In Defence of the One-Act View: Reply to Guyer

Tue, 14 Nov 2017 00:00:00 GMT

I defend my ‘one-act’ interpretation of Kant’s account of judgments of beauty against recent criticisms by Paul Guyer. Guyer’s text-based arguments for his own ‘two-acts’ view rely on the assumption that a claim to the universal validity of one’s pleasure presupposes the prior existence of the pleasure. I argue that pleasure in the beautiful claims its own universal validity, thus obviating the need to distinguish two independent acts of judging. The resulting view, I argue, is closer to the text and more phenomenologically plausible than Guyer’s two-acts alternative.

Non-Fictional Narrators in Fictional Narratives

Fri, 27 Oct 2017 00:00:00 GMT

This paper is about non-fictional objects in fictions and their role as narrators. Two central claims are advanced. In part 1 it is argued that non-fictional objects such as you and me can be part of fictions. This commonsensical idea is elaborated and defended against objections. Building on it, it is argued in part 2 that non-fictional objects can be characters and narrators in fictional narratives. As a consequence, three fundamental and popular claims concerning narrators are rejected. In particular, it is shown that some fictional narratives have non-fictional internal narrators, some have no internal fictional narrator, and, most controversially, that the author of a fictional narrative can be identical to its internal narrator.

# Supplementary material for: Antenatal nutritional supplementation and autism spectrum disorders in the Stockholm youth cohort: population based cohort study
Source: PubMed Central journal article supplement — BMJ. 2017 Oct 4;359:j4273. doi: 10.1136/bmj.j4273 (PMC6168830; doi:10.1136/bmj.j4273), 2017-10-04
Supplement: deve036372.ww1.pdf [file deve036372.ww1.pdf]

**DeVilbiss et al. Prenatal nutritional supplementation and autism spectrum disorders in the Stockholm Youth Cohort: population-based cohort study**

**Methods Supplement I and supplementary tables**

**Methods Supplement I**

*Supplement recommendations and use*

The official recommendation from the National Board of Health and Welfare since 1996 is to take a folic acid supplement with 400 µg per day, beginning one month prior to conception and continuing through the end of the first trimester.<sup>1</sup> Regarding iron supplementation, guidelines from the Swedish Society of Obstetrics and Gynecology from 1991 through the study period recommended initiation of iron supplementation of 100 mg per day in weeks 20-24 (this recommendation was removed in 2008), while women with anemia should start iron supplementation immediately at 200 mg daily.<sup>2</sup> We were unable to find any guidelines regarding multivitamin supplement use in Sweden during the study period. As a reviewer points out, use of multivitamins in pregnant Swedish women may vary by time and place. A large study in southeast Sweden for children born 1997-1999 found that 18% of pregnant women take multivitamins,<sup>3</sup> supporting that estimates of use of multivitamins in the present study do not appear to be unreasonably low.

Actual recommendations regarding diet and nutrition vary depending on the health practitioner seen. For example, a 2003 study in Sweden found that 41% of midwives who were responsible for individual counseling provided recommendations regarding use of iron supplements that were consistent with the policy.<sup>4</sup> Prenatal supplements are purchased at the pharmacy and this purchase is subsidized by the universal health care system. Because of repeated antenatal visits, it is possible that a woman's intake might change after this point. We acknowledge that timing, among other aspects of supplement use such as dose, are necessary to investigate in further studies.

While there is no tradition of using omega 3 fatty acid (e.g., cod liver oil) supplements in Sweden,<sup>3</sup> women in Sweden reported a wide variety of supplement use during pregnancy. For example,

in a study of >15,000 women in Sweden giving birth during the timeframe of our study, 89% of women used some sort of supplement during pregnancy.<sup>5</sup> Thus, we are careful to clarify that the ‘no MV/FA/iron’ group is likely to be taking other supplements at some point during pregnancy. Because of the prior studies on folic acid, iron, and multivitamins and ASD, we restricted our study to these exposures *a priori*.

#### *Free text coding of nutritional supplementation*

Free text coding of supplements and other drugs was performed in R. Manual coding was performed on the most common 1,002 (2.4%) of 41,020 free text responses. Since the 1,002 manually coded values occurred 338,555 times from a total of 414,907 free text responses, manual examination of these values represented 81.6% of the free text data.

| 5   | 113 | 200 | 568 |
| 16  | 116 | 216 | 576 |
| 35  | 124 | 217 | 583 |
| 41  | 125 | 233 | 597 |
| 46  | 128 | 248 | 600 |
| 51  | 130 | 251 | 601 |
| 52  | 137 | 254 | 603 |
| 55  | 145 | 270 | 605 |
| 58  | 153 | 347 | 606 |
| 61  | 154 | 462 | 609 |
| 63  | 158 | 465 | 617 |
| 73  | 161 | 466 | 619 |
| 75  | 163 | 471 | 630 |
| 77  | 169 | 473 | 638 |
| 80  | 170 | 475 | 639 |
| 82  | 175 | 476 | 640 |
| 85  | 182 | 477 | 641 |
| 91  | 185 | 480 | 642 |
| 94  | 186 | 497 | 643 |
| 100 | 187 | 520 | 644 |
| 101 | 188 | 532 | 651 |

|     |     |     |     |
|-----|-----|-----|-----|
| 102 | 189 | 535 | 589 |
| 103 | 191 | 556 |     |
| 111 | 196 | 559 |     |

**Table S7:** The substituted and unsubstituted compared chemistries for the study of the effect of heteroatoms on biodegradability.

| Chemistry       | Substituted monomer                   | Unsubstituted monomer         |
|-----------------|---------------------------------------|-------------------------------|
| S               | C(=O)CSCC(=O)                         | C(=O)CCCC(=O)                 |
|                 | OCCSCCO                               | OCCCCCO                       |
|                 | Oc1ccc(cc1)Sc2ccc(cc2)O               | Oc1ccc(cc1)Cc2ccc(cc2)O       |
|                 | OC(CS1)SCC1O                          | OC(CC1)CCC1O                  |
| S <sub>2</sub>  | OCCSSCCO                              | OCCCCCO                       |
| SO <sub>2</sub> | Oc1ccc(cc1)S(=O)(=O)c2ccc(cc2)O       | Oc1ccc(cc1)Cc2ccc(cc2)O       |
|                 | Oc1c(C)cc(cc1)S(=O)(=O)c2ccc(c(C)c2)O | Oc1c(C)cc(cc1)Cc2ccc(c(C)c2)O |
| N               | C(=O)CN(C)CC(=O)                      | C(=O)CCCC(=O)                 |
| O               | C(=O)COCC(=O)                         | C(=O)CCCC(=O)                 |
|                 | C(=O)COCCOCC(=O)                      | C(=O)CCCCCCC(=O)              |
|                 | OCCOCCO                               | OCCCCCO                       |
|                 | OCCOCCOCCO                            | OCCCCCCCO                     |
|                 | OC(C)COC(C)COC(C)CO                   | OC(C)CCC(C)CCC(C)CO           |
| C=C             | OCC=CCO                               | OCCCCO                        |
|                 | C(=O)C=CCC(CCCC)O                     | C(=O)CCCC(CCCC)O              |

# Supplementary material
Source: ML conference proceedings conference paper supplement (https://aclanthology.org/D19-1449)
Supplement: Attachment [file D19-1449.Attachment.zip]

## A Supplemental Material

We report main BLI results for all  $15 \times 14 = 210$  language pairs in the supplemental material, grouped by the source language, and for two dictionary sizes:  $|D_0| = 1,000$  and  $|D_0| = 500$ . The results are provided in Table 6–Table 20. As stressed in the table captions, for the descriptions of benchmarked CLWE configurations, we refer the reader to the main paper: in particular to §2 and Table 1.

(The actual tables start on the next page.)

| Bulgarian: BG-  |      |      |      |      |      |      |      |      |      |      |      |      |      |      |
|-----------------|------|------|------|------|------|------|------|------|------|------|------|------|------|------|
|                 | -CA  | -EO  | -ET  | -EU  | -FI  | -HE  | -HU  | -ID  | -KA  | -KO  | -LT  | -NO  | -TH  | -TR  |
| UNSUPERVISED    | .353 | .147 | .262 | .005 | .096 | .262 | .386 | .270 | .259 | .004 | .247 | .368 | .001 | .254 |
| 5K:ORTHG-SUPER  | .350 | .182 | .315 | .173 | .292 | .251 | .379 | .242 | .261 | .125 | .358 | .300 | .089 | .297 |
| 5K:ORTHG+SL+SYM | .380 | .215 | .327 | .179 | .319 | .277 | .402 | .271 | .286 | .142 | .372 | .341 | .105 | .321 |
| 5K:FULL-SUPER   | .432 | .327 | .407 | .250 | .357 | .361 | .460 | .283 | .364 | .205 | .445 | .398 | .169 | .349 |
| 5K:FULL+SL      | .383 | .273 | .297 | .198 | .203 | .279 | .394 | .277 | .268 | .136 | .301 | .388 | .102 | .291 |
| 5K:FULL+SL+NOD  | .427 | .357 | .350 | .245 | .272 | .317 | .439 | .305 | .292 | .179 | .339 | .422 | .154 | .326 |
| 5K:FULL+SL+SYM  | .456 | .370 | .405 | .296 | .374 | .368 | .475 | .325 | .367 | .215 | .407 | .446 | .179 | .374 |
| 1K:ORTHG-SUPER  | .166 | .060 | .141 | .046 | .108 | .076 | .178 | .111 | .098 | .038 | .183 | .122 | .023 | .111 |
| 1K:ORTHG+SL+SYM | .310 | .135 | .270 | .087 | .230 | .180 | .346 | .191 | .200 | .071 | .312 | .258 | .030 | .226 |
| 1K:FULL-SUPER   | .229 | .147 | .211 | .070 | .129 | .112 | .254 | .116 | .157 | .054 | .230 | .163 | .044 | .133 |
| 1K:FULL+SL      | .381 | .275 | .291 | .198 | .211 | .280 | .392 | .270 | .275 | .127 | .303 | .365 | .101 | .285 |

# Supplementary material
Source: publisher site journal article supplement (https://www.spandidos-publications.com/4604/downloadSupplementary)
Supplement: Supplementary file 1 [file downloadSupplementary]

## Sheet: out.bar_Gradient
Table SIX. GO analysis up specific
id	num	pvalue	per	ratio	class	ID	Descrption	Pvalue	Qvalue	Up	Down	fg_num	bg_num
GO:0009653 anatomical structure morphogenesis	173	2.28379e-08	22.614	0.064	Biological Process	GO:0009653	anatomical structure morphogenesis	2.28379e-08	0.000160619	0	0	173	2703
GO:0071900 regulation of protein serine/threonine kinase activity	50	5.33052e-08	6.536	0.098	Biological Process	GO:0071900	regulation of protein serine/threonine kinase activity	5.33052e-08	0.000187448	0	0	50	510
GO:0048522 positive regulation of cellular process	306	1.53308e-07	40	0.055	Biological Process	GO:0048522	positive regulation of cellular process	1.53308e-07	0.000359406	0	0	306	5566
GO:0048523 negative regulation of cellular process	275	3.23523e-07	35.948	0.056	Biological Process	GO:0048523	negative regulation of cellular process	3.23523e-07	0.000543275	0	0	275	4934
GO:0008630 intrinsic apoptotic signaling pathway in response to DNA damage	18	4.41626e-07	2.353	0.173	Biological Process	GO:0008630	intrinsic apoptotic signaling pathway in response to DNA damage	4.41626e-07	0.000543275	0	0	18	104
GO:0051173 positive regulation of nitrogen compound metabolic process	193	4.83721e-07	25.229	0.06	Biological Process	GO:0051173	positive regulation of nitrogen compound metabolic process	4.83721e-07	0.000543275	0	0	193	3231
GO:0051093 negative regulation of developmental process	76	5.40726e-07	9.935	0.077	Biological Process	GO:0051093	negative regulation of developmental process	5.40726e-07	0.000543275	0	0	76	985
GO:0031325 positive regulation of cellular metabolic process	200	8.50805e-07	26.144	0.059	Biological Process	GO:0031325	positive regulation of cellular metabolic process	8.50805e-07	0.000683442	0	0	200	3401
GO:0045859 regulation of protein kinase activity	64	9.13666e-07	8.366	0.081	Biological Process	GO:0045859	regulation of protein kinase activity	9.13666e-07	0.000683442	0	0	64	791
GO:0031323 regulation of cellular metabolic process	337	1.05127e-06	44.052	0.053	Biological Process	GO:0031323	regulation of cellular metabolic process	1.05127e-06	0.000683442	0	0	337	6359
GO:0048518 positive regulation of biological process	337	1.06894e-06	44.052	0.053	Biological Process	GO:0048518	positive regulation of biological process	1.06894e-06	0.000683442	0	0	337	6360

How Pictures Complete Us

Thu, 26 Oct 2017 00:00:00 GMT

How Pictures Complete UsPAUL CROWTHER Stanford University Press. 2016. pp. 192. £16.99.


Mon, 21 Aug 2017 00:00:00 GMT

Book Review

One Act or Two? Hannah Ginsborg on Aesthetic Judgement

Wed, 10 May 2017 00:00:00 GMT

Hannah Ginsborg rejects my ‘two-acts’ interpretation of Kant’s conception of aesthetic judgement as untrue to Kant’s text and as philosophically problematic, especially because it entails that every object must be experienced as beautiful. I reject her criticisms, and argue that it is her own ‘one-act’ interpretation that is liable to these criticisms. But I also suggest that her emphasis on Kant’s ‘transcendental explanation’ of pleasure as a self-maintaining mental state suggests an alternative to the common view that pleasure is a distinctive feeling, even if Ginsborg herself does not draw that conclusion.

Aestheticism: Deep Formalism and the Emergence of Modernist Aesthetics

Wed, 03 May 2017 00:00:00 GMT

Aestheticism: Deep Formalism and the Emergence of Modernist AestheticsMICHALLE GAL Peter Lang.2015. pp. 164. £37.00 (pbk).

In Other Shoes: Music, Metaphor, Empathy, Existence

Tue, 02 May 2017 00:00:00 GMT

In Other Shoes: Music, Metaphor, Empathy, ExistenceKENDALL L. Walton Oup. 2015. pp. 320. £68.00 (hbk)

Time in Fiction

Thu, 27 Apr 2017 00:00:00 GMT

Time in FictionCRAIG BOURNE AND EMILY CADDICK BOURNE Oup. 2016. pp. 261. £40 (hbk).